The possibility to generate coherent copies of X-ray pulses from FELs would facilitate a realm of X-ray techniques analogous to those currently available with optical laser light. Yet, this is a challenge due to the short wavelength of X-rays. Now, researchers have devised a new solution that ‘splits’ the electron bunch prior to generation of photons, producing two perfectly coherent copies of pulses.
X-ray free electron lasers (FELs) deliver ultra-bright, ultra-short and coherent X-ray pulses. Short pulses enable time-resolved studies of phenomena such as optical switching, whilst the short wavelength of X-rays, enables experiments with clear fingerprints of atomic species, which also resolve the distances between atoms in solids and liquids. In contrast, optical spectroscopies and microscopies primarily probe electrons shared across molecules, and provide neither images at the atomic scale nor allow unique identification of atomic constituents. Thus, X-ray FELs provide essential insights for fields ranging from pharmacology to electronic device engineering.
Yet, so far, part of the picture that is missing is the ability to do experiments with two – or more – coherent copies of beams. Splitting light is par for the course in optical spectroscopies. Phase-locked pulses – pulse pairs that have a fixed phase relation, split via mirrors, enable a host of interferometric and multidimensional spectroscopies. For X-ray light, the challenge comes with the advantage: the short wavelength. The wavelength – of the order of interatomic spacings – makes it extremely challenging to split the beam using mirrors, where even the smallest path length difference introduces phase jitter.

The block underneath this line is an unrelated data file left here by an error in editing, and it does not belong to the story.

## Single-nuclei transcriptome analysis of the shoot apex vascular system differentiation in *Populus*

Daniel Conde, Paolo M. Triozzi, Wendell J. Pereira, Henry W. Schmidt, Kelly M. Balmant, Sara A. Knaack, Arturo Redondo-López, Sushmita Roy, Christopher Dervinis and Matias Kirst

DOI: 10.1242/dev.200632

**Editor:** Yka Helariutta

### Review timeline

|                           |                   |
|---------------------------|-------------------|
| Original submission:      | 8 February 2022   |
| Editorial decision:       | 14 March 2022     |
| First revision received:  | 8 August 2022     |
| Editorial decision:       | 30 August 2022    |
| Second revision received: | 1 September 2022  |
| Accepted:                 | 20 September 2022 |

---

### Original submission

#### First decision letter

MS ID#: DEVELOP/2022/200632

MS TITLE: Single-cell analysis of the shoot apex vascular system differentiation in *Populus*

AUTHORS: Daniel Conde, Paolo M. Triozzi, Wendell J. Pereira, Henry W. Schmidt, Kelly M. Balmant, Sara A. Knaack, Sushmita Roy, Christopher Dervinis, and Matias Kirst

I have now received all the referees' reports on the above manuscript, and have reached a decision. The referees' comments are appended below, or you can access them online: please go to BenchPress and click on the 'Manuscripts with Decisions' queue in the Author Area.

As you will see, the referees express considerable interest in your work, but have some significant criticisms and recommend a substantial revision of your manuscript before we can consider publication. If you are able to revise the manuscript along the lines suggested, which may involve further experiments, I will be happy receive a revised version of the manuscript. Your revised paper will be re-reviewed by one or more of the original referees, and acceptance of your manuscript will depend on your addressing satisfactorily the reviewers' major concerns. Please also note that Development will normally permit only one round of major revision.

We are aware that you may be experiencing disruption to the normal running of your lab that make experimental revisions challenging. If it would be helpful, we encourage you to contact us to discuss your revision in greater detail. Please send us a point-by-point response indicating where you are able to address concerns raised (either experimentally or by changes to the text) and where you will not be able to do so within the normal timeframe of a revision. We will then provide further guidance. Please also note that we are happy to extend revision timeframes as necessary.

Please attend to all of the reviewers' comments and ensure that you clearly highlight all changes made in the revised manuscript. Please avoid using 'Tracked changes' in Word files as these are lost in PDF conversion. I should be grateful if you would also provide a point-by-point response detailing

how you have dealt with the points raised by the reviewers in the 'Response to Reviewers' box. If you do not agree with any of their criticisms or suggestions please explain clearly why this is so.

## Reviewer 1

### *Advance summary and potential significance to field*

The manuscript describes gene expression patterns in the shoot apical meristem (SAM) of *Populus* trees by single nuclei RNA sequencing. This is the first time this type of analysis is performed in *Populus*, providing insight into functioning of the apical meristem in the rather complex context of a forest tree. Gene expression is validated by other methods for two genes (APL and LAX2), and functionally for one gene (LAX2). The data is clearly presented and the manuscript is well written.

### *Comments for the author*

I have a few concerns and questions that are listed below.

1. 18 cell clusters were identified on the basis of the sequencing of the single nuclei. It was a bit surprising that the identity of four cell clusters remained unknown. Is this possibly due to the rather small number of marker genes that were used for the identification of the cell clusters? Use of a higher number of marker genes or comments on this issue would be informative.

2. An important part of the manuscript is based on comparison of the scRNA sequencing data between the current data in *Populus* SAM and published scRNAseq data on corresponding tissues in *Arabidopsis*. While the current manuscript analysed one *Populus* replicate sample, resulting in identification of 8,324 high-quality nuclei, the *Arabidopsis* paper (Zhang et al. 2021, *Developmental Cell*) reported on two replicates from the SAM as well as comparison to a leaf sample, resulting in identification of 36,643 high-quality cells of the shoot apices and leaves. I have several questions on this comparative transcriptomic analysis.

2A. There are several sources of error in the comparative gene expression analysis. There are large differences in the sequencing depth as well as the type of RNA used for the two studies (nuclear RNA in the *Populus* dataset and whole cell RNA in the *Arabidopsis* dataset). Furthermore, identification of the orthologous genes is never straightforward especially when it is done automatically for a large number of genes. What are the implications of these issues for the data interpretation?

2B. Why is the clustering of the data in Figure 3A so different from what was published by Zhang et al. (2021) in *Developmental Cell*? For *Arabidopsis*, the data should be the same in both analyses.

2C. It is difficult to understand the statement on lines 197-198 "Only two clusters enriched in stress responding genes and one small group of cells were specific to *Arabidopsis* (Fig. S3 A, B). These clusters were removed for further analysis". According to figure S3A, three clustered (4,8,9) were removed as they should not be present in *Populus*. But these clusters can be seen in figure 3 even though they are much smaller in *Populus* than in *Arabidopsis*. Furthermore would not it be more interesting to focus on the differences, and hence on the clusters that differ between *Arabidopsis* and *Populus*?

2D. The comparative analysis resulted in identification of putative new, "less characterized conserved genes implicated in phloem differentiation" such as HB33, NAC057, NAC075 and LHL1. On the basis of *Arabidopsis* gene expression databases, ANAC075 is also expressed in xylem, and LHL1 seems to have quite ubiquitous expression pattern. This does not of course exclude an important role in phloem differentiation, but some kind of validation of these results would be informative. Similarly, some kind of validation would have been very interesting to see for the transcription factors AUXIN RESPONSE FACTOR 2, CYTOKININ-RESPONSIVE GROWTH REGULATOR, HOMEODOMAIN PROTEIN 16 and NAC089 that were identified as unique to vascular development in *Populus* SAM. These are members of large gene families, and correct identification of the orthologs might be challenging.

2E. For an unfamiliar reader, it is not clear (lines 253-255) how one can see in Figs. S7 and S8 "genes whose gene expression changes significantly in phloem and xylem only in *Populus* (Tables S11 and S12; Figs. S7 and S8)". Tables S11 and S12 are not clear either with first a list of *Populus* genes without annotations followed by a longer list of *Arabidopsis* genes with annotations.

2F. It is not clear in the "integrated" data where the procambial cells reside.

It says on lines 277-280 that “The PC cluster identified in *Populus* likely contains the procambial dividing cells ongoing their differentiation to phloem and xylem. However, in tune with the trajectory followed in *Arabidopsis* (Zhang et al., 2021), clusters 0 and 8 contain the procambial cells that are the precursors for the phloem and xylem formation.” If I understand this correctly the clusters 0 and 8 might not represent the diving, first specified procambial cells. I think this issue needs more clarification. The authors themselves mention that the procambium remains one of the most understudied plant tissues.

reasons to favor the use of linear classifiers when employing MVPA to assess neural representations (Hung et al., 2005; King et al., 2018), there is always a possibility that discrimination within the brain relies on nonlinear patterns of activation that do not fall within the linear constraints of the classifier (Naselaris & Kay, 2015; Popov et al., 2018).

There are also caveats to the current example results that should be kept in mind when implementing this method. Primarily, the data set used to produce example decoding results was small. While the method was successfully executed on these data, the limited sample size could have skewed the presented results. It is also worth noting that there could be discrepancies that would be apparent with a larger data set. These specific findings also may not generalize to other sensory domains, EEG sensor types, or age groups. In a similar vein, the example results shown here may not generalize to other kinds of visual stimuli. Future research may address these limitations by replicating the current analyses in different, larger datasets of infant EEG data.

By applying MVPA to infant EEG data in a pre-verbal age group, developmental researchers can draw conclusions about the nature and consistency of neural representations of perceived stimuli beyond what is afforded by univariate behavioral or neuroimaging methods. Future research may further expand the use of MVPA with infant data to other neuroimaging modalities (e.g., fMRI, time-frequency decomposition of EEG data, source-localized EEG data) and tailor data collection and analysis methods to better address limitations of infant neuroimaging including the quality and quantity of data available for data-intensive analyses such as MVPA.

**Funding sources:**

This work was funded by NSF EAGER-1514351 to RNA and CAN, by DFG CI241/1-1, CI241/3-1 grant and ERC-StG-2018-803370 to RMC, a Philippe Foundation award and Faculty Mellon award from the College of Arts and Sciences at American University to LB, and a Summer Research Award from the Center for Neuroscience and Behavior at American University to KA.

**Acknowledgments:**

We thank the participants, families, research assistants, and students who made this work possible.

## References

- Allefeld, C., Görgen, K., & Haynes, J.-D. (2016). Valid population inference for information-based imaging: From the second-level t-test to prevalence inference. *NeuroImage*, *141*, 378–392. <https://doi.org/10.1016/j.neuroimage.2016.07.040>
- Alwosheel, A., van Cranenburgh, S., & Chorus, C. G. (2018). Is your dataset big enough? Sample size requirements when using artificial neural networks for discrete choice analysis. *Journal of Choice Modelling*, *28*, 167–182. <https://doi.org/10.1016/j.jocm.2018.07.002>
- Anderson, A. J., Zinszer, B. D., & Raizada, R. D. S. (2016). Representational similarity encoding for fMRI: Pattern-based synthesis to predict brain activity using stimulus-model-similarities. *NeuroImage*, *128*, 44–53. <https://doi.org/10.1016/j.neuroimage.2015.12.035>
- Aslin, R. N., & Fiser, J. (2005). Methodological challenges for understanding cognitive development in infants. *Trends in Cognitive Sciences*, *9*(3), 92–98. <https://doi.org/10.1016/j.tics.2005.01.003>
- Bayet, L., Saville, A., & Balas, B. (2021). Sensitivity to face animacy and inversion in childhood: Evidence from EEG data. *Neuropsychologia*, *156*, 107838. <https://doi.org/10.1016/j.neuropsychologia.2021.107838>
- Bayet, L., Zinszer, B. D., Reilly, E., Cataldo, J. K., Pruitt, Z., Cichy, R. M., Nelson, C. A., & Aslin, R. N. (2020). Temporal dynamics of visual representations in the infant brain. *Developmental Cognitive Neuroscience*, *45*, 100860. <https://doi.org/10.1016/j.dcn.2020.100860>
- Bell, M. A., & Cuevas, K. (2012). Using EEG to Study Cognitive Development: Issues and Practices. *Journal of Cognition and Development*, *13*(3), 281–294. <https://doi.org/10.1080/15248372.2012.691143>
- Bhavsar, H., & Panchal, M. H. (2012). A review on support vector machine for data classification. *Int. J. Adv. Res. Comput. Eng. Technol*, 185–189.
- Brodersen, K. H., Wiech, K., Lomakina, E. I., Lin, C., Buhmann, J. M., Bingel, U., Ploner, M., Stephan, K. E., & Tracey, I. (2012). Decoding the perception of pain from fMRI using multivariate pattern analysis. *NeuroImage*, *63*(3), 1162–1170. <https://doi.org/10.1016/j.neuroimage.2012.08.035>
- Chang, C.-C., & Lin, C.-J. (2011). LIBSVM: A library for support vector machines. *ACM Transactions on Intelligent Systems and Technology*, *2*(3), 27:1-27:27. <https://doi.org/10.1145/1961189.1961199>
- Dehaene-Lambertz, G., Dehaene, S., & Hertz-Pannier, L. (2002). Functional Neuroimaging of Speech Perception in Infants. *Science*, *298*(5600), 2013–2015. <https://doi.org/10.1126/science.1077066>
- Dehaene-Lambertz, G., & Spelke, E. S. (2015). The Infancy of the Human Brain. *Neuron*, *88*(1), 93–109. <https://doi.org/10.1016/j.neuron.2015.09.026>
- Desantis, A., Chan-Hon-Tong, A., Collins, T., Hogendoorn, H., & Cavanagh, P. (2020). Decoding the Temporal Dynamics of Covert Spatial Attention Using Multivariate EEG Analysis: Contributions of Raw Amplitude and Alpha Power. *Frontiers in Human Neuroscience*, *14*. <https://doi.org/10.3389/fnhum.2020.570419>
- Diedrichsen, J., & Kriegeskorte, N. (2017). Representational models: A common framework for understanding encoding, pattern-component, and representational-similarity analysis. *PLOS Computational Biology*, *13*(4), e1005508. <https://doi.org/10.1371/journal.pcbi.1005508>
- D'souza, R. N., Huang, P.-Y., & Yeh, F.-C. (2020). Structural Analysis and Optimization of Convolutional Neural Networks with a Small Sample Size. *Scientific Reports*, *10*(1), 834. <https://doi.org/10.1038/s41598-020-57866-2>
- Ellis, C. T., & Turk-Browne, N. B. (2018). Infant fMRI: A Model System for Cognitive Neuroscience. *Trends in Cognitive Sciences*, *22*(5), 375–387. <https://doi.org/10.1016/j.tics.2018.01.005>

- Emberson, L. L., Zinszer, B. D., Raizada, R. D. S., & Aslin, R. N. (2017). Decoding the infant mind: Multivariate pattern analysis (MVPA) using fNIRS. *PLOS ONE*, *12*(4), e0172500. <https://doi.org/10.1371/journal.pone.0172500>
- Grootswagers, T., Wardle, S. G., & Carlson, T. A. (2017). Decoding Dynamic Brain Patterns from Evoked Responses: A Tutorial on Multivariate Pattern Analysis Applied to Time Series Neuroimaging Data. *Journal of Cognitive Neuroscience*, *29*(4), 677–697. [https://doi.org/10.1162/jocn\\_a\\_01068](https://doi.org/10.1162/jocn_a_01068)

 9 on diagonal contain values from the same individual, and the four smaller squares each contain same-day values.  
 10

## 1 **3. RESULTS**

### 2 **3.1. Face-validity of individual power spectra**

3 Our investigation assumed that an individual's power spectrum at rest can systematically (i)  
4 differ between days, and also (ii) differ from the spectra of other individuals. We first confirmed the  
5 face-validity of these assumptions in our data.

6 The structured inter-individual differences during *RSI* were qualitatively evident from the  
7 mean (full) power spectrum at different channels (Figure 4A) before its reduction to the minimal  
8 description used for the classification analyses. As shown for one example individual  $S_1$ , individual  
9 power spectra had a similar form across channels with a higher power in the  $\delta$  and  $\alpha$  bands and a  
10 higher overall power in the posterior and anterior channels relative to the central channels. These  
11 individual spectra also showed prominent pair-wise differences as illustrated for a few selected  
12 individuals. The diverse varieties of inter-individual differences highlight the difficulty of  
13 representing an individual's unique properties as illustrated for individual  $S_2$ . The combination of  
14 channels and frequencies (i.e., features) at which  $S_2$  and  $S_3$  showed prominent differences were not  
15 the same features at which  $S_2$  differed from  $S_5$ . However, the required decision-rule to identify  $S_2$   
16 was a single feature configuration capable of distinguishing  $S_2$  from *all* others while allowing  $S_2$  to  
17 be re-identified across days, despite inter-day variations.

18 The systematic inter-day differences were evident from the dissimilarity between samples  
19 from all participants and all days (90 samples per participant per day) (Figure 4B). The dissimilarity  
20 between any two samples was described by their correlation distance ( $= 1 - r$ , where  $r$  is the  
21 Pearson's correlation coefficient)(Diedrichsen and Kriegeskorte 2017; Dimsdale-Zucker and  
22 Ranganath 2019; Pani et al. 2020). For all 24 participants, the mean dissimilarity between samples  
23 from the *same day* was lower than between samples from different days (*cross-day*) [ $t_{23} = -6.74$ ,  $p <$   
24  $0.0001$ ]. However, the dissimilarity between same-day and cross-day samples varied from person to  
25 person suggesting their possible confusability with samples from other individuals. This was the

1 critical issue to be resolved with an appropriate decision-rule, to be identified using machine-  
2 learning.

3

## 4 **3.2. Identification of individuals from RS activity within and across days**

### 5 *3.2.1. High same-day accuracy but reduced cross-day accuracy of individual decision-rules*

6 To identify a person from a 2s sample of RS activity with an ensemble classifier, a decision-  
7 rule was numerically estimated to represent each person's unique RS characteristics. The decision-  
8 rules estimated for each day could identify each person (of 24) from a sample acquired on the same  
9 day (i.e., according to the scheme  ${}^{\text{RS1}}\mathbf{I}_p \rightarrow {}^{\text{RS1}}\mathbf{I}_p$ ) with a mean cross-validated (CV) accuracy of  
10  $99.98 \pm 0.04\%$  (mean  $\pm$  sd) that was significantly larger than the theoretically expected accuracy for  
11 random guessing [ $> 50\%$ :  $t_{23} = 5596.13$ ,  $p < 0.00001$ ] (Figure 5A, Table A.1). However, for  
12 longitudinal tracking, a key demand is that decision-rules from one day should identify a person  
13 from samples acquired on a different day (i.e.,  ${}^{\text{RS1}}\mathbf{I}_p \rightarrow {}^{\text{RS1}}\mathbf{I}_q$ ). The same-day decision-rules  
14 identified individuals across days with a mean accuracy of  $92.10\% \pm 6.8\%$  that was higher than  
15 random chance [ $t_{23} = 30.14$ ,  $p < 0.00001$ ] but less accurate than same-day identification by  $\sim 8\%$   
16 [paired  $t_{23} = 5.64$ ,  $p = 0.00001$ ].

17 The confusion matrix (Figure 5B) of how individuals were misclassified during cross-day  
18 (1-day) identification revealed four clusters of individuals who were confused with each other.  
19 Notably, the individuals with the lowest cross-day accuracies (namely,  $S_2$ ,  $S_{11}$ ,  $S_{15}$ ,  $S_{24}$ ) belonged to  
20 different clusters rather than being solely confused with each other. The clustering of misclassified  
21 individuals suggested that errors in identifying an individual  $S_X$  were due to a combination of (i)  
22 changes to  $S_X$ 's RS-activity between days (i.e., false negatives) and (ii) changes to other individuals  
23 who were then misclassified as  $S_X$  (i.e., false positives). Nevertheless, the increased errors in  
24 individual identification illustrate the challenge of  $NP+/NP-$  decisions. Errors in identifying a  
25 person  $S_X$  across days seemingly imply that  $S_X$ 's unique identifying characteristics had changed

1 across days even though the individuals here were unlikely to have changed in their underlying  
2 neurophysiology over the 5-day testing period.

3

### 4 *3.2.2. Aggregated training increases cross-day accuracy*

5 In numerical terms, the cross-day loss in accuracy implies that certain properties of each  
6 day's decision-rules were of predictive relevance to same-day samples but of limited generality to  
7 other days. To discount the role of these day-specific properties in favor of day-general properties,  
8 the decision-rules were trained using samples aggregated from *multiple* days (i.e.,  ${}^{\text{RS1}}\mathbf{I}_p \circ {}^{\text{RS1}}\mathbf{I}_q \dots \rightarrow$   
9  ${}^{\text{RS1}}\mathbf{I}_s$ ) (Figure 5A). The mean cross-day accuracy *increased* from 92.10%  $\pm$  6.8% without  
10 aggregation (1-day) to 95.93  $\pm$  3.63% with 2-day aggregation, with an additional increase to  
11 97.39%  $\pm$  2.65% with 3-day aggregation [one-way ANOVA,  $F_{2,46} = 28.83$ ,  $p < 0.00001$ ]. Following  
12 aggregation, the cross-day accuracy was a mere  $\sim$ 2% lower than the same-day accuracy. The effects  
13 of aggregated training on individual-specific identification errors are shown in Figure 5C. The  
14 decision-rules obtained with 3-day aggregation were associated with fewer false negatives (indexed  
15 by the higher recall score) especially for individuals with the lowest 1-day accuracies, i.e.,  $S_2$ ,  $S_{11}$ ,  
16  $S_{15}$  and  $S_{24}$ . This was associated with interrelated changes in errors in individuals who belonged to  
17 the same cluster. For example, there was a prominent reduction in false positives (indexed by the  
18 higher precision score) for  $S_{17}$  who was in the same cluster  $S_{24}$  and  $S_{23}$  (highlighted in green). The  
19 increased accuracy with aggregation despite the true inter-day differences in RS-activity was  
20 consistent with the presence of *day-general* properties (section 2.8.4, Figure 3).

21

A perfect X-ray beam splitter
Now, researchers at the SwissFEL have come up with an ingenious solution. This takes a step back in the FEL and ‘splits’ the electron bunch in the accelerator, prior to the production of photons. Collaborators from both the electron and photon ends of SwissFEL have been a feature of this project, which uses a solution from the accelerator side to meet the photon requirements.
“What is really special is that from the beginning this has been a close interaction between quantum technologists and accelerator physicists. This is really facilitated by the interdisciplinarity of PSI, and its early recognition that the current, second quantum revolution will impact its core activity of building and operating large machines”, believes Simon Gerber, head of the Quantum Photon Science Group and corresponding author in the recent publication.
Read more on the PSI website
Image: Authors (L to R) Sven Reiche, Gabriel Aeppli and Simon Gerber standing outside the entrance to the SwissFEL
Credit: Paul Scherrer Institute / Mahir Dzambegovic